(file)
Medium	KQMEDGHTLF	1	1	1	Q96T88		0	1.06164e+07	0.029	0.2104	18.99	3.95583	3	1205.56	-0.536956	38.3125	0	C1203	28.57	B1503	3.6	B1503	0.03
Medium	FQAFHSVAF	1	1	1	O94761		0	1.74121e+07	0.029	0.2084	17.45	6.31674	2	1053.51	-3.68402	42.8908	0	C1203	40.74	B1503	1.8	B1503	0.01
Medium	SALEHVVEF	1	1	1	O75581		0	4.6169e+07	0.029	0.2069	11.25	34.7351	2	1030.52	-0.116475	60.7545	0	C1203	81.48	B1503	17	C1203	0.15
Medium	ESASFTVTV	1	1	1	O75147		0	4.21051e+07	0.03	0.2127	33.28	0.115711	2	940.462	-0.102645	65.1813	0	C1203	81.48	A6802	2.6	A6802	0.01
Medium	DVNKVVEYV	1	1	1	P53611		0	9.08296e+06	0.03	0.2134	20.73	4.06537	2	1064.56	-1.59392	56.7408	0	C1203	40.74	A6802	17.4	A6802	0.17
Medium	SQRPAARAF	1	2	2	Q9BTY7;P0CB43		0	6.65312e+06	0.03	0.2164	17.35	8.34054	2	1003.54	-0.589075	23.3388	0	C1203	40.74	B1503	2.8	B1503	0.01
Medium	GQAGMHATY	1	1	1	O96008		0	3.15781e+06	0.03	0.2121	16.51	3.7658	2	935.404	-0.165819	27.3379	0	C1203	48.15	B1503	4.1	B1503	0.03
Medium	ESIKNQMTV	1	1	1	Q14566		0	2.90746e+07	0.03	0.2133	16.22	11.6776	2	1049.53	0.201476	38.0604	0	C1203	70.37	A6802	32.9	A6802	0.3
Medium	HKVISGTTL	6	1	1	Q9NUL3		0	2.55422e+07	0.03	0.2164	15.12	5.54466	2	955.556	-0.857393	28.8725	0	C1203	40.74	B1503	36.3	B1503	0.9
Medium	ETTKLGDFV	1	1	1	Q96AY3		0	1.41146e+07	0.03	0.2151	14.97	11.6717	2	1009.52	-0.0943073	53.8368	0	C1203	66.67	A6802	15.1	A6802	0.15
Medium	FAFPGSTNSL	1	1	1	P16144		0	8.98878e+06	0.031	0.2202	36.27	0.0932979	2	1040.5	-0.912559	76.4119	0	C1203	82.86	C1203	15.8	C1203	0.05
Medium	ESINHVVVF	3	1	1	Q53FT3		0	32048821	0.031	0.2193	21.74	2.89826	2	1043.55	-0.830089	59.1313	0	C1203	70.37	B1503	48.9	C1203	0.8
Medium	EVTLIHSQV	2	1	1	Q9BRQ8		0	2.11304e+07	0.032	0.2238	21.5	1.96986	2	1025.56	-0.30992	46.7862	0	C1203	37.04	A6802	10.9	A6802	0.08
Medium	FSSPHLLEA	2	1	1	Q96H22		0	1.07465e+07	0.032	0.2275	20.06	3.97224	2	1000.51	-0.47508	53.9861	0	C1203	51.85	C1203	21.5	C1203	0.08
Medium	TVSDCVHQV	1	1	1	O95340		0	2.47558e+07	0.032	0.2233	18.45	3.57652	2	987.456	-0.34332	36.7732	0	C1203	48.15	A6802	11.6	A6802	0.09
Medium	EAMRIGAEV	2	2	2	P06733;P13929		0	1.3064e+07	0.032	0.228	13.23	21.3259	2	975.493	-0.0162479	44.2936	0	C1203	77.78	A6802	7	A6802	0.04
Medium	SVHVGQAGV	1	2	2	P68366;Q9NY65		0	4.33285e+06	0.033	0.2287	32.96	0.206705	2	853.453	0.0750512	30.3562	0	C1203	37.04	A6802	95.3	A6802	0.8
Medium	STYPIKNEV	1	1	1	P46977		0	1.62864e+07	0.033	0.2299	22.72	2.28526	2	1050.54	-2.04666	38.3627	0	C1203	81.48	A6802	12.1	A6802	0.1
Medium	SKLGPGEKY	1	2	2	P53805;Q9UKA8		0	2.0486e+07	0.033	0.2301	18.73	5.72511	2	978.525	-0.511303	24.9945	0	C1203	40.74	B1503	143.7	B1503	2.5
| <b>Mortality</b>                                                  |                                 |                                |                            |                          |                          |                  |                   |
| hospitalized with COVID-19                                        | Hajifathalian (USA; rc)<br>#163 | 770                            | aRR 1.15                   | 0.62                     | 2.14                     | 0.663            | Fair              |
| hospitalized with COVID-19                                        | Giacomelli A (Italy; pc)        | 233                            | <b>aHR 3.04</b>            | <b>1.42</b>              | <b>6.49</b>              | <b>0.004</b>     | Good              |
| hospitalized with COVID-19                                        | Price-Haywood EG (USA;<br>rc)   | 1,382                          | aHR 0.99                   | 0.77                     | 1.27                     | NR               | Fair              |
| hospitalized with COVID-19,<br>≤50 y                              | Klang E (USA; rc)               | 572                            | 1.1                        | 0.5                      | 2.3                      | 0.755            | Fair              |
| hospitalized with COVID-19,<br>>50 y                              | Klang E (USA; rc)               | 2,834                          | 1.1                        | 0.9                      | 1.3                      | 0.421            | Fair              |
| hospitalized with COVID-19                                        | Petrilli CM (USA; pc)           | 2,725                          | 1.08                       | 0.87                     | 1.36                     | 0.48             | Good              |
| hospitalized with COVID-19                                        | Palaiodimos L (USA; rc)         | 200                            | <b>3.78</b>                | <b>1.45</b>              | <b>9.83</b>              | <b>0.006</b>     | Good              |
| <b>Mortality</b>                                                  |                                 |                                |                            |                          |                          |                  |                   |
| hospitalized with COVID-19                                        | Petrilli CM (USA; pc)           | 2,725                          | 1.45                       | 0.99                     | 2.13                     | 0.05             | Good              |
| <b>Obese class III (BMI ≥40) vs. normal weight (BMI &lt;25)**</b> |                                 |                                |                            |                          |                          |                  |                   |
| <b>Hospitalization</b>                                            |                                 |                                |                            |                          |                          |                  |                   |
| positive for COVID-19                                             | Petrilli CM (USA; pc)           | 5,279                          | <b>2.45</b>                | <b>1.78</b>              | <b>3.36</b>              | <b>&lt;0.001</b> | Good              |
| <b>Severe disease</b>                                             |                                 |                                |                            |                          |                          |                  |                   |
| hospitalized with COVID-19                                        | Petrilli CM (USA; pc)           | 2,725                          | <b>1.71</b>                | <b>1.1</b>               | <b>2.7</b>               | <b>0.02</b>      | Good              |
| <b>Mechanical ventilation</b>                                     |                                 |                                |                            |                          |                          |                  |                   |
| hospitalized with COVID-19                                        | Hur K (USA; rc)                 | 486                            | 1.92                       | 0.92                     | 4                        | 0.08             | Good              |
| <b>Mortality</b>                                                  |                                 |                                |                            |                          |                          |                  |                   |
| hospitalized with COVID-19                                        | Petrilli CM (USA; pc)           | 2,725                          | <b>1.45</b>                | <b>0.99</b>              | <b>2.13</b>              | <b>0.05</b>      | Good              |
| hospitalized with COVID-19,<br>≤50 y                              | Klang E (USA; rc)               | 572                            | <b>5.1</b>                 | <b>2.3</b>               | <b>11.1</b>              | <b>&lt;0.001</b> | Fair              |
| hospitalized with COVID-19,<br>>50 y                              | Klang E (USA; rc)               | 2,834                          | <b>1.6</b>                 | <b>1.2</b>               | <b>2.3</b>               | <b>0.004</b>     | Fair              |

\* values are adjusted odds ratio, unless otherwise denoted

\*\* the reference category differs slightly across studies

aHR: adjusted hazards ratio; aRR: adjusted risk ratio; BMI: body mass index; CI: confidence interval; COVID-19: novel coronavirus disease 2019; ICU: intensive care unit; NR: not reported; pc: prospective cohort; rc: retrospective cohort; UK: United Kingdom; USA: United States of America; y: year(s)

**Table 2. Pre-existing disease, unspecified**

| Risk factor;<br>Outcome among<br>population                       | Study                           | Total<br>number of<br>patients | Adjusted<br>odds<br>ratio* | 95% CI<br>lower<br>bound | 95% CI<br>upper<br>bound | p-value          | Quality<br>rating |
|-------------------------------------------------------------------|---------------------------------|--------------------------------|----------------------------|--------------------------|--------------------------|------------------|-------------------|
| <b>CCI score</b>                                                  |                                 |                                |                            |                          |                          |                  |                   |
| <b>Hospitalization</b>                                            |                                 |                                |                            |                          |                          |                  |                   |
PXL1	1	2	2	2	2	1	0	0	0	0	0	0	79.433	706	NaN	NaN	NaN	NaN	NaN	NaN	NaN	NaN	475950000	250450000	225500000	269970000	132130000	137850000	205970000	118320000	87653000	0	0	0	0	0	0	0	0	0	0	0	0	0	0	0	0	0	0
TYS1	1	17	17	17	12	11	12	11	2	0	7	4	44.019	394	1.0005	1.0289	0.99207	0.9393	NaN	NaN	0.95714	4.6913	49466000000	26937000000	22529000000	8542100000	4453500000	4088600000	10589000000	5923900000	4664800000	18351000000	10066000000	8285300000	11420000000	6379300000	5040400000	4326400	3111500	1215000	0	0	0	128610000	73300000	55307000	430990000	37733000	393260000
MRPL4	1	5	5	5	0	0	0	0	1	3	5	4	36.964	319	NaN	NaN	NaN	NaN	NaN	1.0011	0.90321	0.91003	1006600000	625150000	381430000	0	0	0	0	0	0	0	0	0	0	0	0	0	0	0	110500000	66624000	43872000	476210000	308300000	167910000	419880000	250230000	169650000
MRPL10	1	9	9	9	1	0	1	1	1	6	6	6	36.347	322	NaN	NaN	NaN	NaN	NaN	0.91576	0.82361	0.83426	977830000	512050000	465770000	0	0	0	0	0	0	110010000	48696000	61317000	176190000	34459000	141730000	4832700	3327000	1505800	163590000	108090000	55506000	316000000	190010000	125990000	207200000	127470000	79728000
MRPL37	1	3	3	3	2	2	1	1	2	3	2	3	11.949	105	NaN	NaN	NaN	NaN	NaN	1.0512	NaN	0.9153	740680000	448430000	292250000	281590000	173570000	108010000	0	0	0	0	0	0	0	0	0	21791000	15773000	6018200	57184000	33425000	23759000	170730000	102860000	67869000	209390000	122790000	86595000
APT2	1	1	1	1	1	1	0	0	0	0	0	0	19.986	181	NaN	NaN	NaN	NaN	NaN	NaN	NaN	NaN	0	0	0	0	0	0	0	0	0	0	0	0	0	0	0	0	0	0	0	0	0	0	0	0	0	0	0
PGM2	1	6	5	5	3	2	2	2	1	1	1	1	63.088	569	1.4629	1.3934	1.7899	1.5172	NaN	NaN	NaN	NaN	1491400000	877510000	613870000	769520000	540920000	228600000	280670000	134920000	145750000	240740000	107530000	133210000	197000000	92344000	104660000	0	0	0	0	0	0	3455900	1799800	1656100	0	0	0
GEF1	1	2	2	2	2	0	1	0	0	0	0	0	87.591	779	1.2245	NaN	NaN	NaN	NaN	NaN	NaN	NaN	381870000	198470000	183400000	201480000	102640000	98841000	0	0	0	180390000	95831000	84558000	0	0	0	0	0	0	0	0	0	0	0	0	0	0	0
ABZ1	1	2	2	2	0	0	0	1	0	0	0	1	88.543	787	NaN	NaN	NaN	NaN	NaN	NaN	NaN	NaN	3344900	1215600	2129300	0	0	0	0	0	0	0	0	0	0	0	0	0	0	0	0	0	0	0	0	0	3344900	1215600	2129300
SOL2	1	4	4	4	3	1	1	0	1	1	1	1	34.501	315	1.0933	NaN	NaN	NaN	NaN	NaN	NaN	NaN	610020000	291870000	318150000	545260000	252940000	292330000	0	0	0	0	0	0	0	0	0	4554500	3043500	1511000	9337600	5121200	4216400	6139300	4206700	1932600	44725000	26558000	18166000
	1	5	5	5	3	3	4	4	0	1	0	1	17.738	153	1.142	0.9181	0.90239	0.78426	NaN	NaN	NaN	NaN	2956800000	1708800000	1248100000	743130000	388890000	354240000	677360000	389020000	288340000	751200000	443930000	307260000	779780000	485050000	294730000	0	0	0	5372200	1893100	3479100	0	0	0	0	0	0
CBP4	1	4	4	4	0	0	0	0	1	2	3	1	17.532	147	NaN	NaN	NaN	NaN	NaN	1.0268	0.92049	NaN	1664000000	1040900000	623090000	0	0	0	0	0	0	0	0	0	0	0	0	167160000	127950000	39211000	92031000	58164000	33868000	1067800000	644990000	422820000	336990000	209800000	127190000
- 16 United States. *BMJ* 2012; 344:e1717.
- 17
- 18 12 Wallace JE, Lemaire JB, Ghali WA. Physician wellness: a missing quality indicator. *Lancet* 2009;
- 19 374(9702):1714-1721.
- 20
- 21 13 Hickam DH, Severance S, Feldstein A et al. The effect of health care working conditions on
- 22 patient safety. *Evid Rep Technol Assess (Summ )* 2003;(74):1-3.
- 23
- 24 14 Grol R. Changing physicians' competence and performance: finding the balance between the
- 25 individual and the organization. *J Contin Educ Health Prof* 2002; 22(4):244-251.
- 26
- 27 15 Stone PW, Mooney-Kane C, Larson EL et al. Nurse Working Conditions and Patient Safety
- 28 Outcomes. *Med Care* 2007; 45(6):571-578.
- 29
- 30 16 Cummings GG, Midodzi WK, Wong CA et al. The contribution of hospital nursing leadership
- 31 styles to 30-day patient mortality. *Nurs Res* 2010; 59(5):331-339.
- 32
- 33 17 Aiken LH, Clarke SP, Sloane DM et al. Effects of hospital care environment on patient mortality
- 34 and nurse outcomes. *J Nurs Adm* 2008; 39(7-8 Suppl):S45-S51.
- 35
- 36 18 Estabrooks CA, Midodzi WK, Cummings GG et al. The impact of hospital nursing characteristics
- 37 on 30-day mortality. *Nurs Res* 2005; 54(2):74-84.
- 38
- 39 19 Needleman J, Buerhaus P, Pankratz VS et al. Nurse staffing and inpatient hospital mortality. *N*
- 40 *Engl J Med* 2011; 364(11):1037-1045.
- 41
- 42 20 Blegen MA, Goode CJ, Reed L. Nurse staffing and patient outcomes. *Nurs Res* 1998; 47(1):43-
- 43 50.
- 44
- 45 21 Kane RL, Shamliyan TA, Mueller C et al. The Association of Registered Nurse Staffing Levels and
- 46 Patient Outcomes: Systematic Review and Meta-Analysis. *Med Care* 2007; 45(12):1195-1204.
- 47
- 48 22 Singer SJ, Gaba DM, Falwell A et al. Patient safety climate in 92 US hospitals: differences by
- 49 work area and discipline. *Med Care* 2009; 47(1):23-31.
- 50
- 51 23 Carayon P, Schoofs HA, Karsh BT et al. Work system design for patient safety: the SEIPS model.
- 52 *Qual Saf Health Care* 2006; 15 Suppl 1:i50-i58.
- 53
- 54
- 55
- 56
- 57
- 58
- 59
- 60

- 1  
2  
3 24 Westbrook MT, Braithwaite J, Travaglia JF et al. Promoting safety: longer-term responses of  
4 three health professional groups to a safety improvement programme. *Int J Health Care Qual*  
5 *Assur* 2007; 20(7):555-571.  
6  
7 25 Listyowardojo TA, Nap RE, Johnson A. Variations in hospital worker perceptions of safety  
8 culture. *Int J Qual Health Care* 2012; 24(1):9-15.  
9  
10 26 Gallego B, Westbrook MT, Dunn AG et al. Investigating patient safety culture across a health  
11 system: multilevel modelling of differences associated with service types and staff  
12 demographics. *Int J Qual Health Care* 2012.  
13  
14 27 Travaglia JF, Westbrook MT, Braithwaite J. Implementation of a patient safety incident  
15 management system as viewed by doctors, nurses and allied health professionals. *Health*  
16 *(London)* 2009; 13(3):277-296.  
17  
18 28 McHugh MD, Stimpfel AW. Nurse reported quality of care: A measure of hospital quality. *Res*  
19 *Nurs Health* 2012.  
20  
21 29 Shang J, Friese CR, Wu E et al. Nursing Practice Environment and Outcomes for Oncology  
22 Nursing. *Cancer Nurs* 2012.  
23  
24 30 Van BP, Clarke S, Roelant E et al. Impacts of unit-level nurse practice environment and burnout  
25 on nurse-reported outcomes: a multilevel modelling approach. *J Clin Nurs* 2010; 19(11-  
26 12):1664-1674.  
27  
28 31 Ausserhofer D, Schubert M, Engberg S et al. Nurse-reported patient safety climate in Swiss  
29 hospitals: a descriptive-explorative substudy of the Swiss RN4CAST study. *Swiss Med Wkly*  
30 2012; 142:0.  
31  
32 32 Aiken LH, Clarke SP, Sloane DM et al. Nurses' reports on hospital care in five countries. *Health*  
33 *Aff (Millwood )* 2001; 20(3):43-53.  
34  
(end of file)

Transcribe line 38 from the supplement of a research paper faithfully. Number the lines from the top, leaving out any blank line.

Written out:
| hospitalized with COVID-19                                        | Petrilli CM (USA; pc)           | 2,725                          | <b>1.45</b>                | <b>0.99</b>              | <b>2.13</b>              | <b>0.05</b>      | Good              |